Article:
I’ve been working in the manufacturing industry for 23 years. All during this time, and likely before, manufacturers have had difficulty finding skilled workers and filling open jobs. For example, in an article I published in 2004, a report from the NAM entitled “Keeping America Competitive: How a Talent Shortage Threatens U.S. Manufacturing” said that 10 million new skilled workers would be needed by 2020.

Today, the problem of skills and open jobs continues, with projections of future workforce needs indicating that the problem of finding qualified candidates for jobs is going to deepen.

In a report published last month, Deloitte and the Manufacturing Institute, a sister organization of the MLC, said that the manufacturing skills gap in the U.S. could result in 2.1 million unfilled jobs by 2030.

Baby boomer generation retirements, a continued negative perception of manufacturing in the general public including students, and an emerging set of digital functions and roles that manufacturers will increasingly need to fill, a dynamic that was vague in 2004, are all contributing to the workforce problem.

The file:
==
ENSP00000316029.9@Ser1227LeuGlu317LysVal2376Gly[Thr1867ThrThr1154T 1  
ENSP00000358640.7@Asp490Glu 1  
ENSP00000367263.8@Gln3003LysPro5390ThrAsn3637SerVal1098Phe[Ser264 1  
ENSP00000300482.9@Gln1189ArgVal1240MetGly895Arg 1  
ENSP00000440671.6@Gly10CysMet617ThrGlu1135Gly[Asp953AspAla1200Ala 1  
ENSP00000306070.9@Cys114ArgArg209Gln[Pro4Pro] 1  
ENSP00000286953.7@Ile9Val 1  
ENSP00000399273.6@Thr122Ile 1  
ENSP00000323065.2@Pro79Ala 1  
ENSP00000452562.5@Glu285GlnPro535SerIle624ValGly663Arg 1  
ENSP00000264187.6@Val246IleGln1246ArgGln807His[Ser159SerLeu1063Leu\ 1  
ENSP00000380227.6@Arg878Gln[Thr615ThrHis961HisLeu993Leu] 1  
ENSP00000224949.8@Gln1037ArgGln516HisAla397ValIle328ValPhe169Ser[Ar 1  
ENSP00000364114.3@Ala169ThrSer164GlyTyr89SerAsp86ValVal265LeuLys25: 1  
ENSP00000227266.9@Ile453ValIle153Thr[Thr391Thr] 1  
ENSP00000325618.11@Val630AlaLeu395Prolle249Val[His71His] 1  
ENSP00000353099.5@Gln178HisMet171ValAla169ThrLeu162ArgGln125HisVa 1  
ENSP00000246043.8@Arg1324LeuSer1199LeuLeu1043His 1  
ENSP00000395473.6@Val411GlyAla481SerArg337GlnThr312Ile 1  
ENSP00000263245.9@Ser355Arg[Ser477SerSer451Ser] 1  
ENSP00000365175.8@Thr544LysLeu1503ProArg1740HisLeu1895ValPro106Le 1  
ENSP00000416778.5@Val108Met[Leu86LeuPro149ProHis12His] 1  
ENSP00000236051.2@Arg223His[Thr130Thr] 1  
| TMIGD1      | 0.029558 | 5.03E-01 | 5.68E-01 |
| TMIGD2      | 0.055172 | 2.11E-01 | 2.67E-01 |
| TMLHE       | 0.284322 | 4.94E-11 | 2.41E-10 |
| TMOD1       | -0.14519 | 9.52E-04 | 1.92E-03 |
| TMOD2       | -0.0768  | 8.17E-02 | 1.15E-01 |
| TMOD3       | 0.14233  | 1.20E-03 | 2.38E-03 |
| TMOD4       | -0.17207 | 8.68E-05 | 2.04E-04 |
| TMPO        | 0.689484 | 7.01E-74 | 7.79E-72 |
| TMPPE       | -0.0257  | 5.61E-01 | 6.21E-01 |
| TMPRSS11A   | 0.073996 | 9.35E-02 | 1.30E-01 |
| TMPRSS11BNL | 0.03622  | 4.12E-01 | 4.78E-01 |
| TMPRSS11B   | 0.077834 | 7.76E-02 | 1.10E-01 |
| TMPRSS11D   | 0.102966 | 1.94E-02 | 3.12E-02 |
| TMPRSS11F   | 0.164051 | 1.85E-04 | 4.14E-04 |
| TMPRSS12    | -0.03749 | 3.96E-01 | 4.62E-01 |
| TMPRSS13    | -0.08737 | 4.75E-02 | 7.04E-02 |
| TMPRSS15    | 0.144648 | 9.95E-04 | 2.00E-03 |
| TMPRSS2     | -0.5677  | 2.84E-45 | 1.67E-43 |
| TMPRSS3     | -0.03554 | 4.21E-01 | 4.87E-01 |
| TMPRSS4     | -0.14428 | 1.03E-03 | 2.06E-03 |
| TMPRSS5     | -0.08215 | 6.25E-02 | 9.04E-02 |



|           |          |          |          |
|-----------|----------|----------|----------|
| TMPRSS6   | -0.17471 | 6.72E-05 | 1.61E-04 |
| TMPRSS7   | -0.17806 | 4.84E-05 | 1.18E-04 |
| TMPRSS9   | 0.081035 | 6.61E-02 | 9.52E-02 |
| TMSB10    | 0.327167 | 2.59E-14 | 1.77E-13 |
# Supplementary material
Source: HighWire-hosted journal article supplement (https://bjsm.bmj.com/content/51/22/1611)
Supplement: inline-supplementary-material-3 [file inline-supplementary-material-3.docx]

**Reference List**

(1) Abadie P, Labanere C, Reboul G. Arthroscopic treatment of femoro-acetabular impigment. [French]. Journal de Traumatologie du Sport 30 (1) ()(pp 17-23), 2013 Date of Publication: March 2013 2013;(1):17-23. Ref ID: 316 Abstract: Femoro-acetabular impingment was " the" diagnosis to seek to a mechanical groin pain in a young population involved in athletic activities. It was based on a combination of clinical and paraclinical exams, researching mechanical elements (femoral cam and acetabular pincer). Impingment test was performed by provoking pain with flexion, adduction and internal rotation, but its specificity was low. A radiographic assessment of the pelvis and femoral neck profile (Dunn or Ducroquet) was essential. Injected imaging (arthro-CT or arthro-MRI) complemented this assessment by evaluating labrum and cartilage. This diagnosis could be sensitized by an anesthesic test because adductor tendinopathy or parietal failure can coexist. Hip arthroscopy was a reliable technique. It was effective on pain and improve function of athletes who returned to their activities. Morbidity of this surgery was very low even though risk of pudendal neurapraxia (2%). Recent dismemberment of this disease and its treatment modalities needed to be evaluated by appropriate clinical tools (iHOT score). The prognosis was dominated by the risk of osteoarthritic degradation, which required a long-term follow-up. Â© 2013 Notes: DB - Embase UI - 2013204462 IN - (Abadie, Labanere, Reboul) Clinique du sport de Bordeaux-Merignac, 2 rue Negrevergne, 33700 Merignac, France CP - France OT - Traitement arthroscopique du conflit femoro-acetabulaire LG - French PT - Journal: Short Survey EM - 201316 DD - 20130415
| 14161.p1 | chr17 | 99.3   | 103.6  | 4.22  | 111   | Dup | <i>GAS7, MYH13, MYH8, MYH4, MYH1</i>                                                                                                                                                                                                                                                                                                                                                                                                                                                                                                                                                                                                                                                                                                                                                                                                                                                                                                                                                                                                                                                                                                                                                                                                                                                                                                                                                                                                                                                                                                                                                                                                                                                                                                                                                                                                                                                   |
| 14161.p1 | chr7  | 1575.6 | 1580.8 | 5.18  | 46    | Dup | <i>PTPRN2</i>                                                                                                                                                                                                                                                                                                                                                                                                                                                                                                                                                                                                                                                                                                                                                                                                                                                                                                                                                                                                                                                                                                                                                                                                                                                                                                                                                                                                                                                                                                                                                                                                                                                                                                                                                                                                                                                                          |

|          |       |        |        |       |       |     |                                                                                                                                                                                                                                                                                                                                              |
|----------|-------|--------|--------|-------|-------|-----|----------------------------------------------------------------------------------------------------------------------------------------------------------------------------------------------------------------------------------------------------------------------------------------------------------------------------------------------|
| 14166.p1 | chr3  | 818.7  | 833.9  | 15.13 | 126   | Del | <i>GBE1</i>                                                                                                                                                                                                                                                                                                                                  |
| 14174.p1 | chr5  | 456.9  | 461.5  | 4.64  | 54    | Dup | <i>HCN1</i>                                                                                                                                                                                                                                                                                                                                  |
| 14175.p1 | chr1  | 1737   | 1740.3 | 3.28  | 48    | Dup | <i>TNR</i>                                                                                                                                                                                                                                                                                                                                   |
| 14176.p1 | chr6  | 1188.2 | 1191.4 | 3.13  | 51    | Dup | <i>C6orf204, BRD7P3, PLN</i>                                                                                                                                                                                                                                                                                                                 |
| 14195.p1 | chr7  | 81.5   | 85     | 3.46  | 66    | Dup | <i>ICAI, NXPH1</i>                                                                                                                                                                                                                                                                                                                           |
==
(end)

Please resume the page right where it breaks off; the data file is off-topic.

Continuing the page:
But there are a number of strategies and tactics manufacturers can employ to address the issue. Deloitte and the MI, for example, said in their study that diversity, equity, and inclusion employee recruitment strategies can “exert a growing influence” to help manufacturers fill open jobs.

This issue of the Journal offers a number of articles on the talent issue, particularly through the M4.0 lens.

In “Building M4.0-Ready Skills”, authors from RSM say that to realize the full value of M4.0, companies must elevate their approaches for managing and deploying skills aligned with new technology.

“As technologies such as automation, Internet of Things-enabled devices, virtual reality, and cloud computing become more ubiquitous throughout the manufacturing sector, industrial companies will find themselves competing for talent with rivals they haven’t dealt with as much before”.

And in “Competing for Talent in a Tech-Centric World”, authors from West Monroe say companies need to go all-in on embracing digital tools, understanding demographic shifts in the workforce, and developing intentional succession planning.   M

What’s your leadership and workforce plan for the future? Write to me at  dbrousell@nam.org